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to them should leave the country.” Some of our largest collectors or dealers may act on this hint, if so minded. I place the suggestion unreservedly at their service.

Although it is my intention to dwell more largely on the subject of china—which is my peculiar taste

-in subsequent pages, other articles of the fine arts, carved ivory, Venetian and Bohemian glass, enamels, wood-carvings, arms, and ancient jewelry, may all come fairly under the denomination of bric-à-brac.

CHAPTER III.

MARSEILLES AND MESSINA.

NE ounce of practice is worth ten of theory,

—at least so said some practical philosopher of olden time, and I fully agree with him.

We are at Marseilles. The getting there in the merry month of May, when vineyards and mulberry-trees put forth their early leaves, and almond-trees are in full bloom, is a pleasant and unfatiguing journey. Few, if any, are the railways in Europe by which one travels so smoothly or arrives with such punctuality as on the line between Paris and Marseilles. We leave the former city at 8 p.m., generally arriving at the latter on the following day at noon; so that little delay is allowed for gastronomy en route. A cup of caféau-lait at that city of democracy, Lyons—where the waiters go round the table for payment ere you have swallowed the first spoonful of your beverage—is all that you can expect till the journey ends; unless, indeed, you snatch up a slice of truffled pie during your three minutes' halt at Avignon,—a halt just long enough to make you regret that you cannot linger for a late breakfast at that unrivalled buffet, where the civility of the proprietor is only surpassed by the excellency of his supplies. The buffet of Avignon during the Crimean war was a buffet par excellence, and is so, I have reason to believe, in 1874, both going to and coming from Marseilles; but the Marseilles of to-day is no more the Marseilles of our grandfathers, nor indeed of our fathers, than is the Paris of The President the Paris of Napoleon III. Nevertheless there are few cities in Europe which, at all times and under all circumstances, present more stirring life. In this southern port men of all tongues and all nations throng together in commercial enterprise. The traveller is almost bewildered by the clamour of strange sounds; while dark and swarthy Saracenic countenances remind him that he is approaching Oriental Europe.

The heights that rise above the city are clad

with the dark verdure of olives and pines, that seem to spring from a barren waste. Amid these sombre groves are scattered innumerable whitewashed and green-shuttered “bastides," or villas, occupied by the Marseilles citizens. The town itself appears to repose at your feet, if indeed the word repose may be applied to that boiling, seething port; the outline of the coast being broken by a regular basin communicating by a narrow neck with the sea.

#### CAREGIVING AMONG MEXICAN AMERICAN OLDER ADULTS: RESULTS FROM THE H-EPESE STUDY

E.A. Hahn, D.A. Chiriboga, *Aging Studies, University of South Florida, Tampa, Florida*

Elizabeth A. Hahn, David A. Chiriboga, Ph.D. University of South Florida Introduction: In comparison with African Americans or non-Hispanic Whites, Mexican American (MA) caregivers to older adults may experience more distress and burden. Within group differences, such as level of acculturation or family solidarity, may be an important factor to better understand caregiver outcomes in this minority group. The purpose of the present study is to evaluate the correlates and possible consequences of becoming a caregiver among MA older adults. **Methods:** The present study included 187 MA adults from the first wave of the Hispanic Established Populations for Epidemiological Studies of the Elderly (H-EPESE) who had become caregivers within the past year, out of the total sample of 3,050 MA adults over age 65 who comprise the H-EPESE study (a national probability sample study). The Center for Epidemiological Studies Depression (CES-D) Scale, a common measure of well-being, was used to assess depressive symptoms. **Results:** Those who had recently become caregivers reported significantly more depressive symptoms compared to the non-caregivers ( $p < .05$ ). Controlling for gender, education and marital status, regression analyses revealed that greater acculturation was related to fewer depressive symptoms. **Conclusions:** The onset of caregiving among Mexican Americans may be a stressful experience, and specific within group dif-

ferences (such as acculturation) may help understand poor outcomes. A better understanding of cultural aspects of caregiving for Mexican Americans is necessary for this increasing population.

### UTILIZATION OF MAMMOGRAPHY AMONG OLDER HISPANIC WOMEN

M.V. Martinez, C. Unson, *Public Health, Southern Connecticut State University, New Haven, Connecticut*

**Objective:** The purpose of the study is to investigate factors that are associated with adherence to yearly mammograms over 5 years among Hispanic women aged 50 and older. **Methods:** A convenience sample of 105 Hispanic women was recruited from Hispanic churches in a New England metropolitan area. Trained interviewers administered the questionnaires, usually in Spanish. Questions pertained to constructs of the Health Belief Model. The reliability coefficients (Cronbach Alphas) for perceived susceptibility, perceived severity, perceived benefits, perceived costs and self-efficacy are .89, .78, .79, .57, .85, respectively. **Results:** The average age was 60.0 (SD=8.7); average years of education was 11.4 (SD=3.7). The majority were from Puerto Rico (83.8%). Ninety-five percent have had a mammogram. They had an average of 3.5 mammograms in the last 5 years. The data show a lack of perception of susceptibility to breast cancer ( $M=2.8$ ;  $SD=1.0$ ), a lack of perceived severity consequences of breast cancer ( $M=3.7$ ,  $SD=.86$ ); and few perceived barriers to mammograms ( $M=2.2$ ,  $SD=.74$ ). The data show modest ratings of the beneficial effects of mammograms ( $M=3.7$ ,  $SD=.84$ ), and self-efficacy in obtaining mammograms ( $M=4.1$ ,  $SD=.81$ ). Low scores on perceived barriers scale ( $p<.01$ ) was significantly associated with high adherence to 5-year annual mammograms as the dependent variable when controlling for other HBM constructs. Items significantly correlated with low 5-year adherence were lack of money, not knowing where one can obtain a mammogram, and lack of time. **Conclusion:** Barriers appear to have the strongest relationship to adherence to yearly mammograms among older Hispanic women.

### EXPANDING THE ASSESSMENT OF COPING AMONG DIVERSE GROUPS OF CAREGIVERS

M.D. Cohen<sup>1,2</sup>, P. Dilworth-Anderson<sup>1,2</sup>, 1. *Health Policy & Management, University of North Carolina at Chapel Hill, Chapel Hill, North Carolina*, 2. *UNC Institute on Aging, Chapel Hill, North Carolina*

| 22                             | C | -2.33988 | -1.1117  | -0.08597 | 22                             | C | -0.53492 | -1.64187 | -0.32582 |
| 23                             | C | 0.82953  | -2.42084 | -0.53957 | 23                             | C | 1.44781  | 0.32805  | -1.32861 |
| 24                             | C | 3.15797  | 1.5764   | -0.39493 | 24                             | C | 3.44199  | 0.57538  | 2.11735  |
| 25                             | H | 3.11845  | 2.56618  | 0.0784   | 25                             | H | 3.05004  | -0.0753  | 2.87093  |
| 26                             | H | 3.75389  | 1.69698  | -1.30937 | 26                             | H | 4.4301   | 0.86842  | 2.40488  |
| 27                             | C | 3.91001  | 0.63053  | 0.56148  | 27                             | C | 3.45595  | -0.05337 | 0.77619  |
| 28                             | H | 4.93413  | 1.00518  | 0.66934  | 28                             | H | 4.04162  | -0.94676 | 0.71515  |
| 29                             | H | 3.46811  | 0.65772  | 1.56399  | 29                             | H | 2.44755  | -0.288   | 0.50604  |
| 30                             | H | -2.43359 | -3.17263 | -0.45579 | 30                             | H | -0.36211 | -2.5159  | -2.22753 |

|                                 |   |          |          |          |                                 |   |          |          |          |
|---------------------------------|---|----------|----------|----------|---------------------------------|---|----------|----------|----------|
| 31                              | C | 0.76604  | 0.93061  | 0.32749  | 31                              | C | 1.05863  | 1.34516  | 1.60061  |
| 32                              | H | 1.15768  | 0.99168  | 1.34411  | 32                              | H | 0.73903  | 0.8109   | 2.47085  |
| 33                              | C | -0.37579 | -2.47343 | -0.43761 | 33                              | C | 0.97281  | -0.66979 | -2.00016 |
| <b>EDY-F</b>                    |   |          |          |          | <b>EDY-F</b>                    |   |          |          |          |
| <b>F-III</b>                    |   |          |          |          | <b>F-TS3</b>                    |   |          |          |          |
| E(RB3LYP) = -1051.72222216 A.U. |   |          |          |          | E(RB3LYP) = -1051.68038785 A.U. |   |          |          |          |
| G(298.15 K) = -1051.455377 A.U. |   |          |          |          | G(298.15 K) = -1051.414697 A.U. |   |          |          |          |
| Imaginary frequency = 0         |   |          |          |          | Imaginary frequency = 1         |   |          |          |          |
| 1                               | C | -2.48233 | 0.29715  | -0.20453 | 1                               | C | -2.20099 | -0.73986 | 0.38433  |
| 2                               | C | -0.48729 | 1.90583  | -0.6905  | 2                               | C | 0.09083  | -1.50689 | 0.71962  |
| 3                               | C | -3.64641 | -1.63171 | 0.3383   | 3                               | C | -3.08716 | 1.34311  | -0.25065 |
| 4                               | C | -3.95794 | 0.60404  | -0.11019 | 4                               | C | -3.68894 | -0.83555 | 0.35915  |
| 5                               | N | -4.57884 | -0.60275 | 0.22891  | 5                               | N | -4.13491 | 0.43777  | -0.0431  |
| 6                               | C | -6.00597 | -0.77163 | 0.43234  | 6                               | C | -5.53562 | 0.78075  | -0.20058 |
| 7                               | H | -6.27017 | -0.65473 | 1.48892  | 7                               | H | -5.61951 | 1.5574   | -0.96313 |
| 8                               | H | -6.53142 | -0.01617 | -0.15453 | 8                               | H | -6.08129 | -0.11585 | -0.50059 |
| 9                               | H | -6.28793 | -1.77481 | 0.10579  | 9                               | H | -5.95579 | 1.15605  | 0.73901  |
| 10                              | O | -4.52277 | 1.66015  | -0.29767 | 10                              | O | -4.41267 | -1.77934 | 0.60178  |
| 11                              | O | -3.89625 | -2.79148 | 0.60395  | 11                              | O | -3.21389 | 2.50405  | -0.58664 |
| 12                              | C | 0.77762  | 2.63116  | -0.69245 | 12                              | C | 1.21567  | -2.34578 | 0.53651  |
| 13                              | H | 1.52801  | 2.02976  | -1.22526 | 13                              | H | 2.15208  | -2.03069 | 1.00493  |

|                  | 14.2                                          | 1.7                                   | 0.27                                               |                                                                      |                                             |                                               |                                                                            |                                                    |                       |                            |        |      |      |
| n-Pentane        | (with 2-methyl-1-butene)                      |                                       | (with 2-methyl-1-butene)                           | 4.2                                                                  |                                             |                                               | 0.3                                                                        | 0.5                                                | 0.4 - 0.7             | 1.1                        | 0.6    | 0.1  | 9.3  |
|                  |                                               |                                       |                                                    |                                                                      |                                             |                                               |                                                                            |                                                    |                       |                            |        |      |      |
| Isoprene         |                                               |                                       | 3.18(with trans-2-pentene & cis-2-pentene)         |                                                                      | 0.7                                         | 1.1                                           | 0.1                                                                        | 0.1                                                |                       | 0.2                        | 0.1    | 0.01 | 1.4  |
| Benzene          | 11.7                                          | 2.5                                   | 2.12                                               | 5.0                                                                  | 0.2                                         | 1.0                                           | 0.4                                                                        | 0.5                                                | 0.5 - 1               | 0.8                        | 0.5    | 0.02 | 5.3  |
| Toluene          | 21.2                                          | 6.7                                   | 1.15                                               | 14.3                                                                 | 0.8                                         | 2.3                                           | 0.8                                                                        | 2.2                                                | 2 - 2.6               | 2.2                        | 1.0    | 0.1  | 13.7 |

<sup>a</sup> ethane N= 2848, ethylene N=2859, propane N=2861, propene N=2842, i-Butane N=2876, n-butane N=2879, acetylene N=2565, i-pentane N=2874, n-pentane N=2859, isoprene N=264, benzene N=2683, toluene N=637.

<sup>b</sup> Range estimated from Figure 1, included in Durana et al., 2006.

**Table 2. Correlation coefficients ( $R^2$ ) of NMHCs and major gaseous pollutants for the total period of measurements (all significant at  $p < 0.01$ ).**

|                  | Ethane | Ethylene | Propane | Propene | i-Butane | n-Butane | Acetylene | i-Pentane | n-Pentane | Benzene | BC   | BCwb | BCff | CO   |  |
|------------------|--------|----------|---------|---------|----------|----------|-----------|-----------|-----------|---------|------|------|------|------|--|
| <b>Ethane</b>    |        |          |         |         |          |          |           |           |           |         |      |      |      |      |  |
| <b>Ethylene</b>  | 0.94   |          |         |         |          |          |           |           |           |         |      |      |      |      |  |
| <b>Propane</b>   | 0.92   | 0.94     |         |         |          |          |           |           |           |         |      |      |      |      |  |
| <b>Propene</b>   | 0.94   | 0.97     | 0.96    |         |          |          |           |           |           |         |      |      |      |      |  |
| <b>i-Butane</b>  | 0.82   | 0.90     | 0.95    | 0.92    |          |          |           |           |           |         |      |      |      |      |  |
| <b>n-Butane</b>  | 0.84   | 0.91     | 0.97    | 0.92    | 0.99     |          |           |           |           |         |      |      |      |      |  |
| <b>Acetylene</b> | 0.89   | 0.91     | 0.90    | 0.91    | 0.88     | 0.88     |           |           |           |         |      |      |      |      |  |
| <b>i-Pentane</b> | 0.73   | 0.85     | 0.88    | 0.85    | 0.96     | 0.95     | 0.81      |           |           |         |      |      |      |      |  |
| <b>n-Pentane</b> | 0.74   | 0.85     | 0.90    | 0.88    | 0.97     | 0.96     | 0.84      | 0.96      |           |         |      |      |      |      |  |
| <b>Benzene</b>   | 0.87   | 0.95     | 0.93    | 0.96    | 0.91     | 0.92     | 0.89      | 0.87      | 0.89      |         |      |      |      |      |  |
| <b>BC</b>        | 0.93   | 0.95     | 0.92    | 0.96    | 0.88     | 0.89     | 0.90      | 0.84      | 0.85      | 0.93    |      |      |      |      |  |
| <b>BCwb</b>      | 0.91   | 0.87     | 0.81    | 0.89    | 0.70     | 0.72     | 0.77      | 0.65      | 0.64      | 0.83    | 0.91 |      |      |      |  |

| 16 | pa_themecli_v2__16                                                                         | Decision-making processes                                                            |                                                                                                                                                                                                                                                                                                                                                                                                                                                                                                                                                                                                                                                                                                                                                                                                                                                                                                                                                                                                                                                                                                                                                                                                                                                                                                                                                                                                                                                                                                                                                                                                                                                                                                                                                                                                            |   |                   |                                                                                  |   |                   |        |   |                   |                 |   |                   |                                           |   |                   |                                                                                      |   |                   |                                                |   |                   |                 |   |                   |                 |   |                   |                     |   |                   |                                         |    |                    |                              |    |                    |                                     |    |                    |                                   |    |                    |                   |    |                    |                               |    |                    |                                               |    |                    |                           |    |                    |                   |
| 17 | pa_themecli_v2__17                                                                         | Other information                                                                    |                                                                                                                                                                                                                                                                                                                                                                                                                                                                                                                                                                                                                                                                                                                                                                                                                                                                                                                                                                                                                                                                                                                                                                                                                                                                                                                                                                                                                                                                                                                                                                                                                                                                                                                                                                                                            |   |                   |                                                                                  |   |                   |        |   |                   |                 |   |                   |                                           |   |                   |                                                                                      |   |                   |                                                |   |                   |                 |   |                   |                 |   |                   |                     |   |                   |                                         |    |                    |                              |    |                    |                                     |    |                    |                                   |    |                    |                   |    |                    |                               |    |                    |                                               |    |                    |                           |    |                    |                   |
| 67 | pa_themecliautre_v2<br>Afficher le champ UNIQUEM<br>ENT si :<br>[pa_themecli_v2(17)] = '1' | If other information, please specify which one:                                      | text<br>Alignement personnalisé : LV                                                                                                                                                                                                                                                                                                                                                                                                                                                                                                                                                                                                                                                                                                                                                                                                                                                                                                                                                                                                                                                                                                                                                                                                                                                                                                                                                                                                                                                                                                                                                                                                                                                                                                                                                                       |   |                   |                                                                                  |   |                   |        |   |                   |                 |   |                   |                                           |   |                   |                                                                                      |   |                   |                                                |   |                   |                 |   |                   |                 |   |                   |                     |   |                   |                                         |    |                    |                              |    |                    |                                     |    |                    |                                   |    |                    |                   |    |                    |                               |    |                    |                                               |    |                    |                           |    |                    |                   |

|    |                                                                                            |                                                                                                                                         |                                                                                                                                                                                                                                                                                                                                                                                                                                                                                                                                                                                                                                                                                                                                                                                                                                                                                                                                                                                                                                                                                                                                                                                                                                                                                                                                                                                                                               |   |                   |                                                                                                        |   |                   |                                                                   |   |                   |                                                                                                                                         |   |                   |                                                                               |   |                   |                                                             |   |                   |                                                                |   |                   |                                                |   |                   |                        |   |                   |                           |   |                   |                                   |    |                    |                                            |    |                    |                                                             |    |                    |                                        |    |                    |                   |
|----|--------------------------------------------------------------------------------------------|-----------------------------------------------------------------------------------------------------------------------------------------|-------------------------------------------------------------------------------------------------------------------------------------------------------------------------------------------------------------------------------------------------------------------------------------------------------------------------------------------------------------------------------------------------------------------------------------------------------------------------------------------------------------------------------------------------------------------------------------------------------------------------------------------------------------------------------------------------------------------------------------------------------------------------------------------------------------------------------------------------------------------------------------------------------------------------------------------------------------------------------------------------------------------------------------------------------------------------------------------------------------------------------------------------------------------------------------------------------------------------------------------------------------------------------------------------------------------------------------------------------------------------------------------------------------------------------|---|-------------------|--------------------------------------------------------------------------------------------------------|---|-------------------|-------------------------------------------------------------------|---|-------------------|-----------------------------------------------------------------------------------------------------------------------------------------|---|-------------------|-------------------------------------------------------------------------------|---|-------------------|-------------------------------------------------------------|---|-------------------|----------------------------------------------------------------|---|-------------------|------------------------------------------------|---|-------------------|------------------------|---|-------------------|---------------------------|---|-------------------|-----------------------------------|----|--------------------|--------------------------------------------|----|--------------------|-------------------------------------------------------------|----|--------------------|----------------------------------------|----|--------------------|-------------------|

This basin produced the city. The Greeks of old found out its advantages, and their temples and shrines marked the inlet from the Mediterranean Sea. Old Marsalia flourished like new Marseilles. The harbour was and is its heart, the salt-water its life-blood. A strange and peculiar contrast is produced by the dusty gray of the houses and the deep blue of this inland basin of sea.

The ocean may be said to be in the very centre of the town; the buildings fence it in and encircle the harbour. It lies as if sleeping in this embrace – perhaps the one instance of a great city built in a circle broken only by one small opening. Beyond, you behold rocky hills—hard, hot, glaring; parched in midsummer, in mid-winter bare, barren, and bleak. All round and about Marseilles they rise, all along the sea-coast you observe them glancing and flashing in the bright scorching air (not, however, entirely without verdure) sombre, unpleasing, and unrefreshing to the eye.

Yet if the land be dark, burnt, and barren, what a splendid contrast presents itself in the glorious ocean, whose liquid azure is so profound as to become almost imperial purple !

Descend once more into the city; observe the old harbour and the new. They were alike harbours and cesspools; all the drainings of the vastly-populated city originally poured into them, and filled the air with pestilence and disease. Such had been the case for ages; and as no tide stirs the Mediterranean, there the foul sewage lay and rotted and stagnated, and from thence its miasmatic vapours rose to spread fever and death.

No wonder, then, that cholera should so often have smitten the city with a strong and blighting

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